The Lesser Antilles number among the most heavily evangelized areas of the world by other missionary-focused faiths resulting in heavy competition for converts.  Seventh Day Adventists, Jehovah's Witnesses, and Pentecostals established a presence on most islands several decades prior to the LDS Church and today claim a sizable percentage of the population.  All three of these groups report steady growth throughout the Lesser Antilles.  Seventh Day Adventists constitute five percent or more of the population in Anguilla, Antigua and Barbuda, the Bahamas, Barbados, British Virgin Islands, Dominica, Grenada, Montserrat, Saint Lucia, Saint Vincent and the Grenadines, and the United States Virgin Islands.[8]  In Montserrat, Adventists comprise approximately 25% of the island's tiny population of slightly more than 5,000.  Receptivity to the LDS Church is consistently low throughout most of the Lesser Antilles as many previously receptive individuals have been shepherded and socially entrenched into other proselytizing denominations.  Due to these conditions, present-day missionary efforts face the challenge to find interested individuals to teach that have not been evangelized by other groups.

The Church has struggled since its initial establishment in the Lesser Antilles to adequately administer so many small islands that exhibit differences in language, government, and culture.  Many countries and dependencies have been reassigned to a different mission multiple times within the past two decades resulting in a lack of continuity in outreach expansion vision and mission resource delegation.  Some mission leaders have implemented different policies regarding convert baptismal standards, opening new locations to missionary work, and the minimal requirements for a branch to operate.  This has consequently made congregations more transient.  Opening and closing branches has disrupted the sense of permanency of the Church in individual cities and towns and lessened missionary outreach to local populations.  Diminished member activity rates and reduced penetration of missionary outreach throughout the region has occurred in some locations due to longer distances to attend church and some recent converts feeling a sense of abandonment from the closure of the sole branch in their community.  However some locations have not appeared to experience a loss of many active members through the closure of recently organized branches such as in Guadeloupe.  Returned missionaries report low levels of member and leader self-sustainability in most countries and dependencies in the Lesser Antilles, resulting in dependence on foreign full-time missionaries to satisfy administrative deficiencies.  Most missionaries assigned to the region are Caucasian, reinforcing local stereotypes that the LDS Church is a white church.  In a region where populations are predominantly black, the Church has experienced reduced receptivity due to perceived incompatibilities between non-white ethnicities and the LDS Church.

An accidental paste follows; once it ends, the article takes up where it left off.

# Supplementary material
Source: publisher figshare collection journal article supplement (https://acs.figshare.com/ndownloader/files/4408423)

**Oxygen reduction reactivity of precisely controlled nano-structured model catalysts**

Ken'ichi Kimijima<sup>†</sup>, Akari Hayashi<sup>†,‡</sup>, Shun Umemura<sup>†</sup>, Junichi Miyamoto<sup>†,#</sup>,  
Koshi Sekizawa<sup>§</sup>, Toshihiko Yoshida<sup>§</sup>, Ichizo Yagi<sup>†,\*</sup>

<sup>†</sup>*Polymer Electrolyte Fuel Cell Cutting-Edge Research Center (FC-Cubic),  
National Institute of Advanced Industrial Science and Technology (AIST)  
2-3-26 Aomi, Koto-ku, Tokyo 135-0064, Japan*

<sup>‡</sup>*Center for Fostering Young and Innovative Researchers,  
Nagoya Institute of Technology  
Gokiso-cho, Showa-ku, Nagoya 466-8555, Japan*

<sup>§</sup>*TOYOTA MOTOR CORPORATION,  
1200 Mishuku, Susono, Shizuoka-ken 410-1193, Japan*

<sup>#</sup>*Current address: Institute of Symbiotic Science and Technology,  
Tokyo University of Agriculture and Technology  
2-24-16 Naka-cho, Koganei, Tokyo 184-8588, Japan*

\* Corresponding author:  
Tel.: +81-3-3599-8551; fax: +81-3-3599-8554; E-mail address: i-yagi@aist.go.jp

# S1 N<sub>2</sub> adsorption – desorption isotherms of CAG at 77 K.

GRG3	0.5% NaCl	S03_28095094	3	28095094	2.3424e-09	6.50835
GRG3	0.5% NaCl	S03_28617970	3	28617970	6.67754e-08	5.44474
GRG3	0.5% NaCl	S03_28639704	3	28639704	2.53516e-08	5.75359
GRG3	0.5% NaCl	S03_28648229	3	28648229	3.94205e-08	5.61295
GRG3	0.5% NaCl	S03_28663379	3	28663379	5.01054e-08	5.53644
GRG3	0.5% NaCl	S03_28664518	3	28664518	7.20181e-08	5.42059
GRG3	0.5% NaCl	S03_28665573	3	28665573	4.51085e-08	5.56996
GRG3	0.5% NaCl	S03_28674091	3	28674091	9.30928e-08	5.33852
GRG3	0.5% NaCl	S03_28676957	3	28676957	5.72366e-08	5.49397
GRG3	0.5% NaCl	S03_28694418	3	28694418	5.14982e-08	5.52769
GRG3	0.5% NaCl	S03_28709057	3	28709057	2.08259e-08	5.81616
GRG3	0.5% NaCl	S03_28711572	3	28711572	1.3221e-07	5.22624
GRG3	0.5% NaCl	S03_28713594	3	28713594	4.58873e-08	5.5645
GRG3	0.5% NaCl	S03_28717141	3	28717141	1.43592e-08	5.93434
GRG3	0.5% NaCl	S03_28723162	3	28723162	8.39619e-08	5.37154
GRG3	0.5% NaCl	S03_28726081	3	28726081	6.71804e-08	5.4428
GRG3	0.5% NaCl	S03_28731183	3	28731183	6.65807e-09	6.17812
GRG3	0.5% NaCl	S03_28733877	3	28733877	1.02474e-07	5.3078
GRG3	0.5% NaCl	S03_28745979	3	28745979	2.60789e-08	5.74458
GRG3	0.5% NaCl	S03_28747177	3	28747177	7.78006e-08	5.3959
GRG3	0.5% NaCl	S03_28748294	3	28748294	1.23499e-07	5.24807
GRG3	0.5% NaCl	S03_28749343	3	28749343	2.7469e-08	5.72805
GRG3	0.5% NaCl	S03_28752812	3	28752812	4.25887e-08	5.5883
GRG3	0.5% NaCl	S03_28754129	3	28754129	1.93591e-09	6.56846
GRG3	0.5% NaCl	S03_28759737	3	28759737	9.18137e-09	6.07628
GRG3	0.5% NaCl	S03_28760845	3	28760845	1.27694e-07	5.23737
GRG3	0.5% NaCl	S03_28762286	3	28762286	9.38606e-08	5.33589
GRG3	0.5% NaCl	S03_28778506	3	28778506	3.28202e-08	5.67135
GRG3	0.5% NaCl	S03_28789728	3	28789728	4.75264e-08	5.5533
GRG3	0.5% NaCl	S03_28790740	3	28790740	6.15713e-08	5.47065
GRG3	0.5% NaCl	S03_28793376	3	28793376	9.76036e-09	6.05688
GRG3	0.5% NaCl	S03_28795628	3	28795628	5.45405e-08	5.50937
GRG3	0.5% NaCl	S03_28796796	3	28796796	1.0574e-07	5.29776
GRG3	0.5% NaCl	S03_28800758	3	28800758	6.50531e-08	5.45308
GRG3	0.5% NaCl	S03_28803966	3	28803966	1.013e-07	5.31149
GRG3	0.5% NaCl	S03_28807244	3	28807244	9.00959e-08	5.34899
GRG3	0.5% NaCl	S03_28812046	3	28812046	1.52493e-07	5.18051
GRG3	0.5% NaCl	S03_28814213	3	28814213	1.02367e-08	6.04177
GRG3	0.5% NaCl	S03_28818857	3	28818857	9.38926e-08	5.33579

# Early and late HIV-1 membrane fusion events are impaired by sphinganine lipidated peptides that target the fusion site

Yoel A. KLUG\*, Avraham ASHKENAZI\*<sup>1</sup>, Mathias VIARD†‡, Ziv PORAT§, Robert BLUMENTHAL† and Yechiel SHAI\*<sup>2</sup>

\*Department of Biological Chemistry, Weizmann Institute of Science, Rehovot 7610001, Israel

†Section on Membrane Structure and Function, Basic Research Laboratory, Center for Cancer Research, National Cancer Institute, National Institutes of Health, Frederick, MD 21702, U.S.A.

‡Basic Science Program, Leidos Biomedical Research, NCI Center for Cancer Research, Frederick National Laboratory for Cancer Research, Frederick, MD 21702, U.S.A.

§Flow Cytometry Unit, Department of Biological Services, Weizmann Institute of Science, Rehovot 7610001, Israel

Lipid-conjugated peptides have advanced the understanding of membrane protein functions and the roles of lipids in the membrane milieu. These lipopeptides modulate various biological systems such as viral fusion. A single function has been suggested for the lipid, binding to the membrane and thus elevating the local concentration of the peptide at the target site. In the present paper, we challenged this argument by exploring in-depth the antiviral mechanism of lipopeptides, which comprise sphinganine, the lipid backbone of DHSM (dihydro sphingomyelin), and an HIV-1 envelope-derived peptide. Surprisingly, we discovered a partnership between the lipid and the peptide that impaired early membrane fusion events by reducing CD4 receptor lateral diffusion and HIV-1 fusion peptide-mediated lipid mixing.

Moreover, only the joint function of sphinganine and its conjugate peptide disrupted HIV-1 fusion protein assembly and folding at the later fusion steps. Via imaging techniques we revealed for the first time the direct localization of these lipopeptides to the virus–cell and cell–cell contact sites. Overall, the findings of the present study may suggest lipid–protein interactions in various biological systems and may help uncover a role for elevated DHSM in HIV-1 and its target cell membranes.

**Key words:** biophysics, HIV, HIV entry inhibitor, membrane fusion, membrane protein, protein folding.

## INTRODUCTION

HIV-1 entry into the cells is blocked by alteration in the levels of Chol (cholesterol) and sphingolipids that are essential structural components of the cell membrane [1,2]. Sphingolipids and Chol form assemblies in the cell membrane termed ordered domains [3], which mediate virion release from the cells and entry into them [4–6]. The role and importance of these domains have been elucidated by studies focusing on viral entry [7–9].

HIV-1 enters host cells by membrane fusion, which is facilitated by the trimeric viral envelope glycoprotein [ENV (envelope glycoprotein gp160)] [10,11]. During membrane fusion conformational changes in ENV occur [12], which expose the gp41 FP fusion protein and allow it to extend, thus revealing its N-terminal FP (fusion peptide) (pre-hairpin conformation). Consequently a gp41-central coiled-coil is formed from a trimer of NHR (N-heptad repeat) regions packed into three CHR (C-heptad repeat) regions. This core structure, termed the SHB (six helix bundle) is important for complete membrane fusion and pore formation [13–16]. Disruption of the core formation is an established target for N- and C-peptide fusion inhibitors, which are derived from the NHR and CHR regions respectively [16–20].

Secularism and nominalism in traditional Christian denominations pose a major challenge attracting converts in European dependencies.  Missionaries report that organized religion is often not publicly discussed in Guadeloupe, Martinique, and Saint Martin due to strong cultural ties maintained with France and the Netherlands.  There are no teaching approaches and resources tailored for secular populations and few instances of successful missionary programs in secular countries worldwide.  Many individuals in the region see little need for a personal religious lifestyle and weekly participation in worship services.

Solutions for Sustainable Outreach Expansion

Below are four solutions to facilitating sustainable outreach expansion in the Lesser Antilles: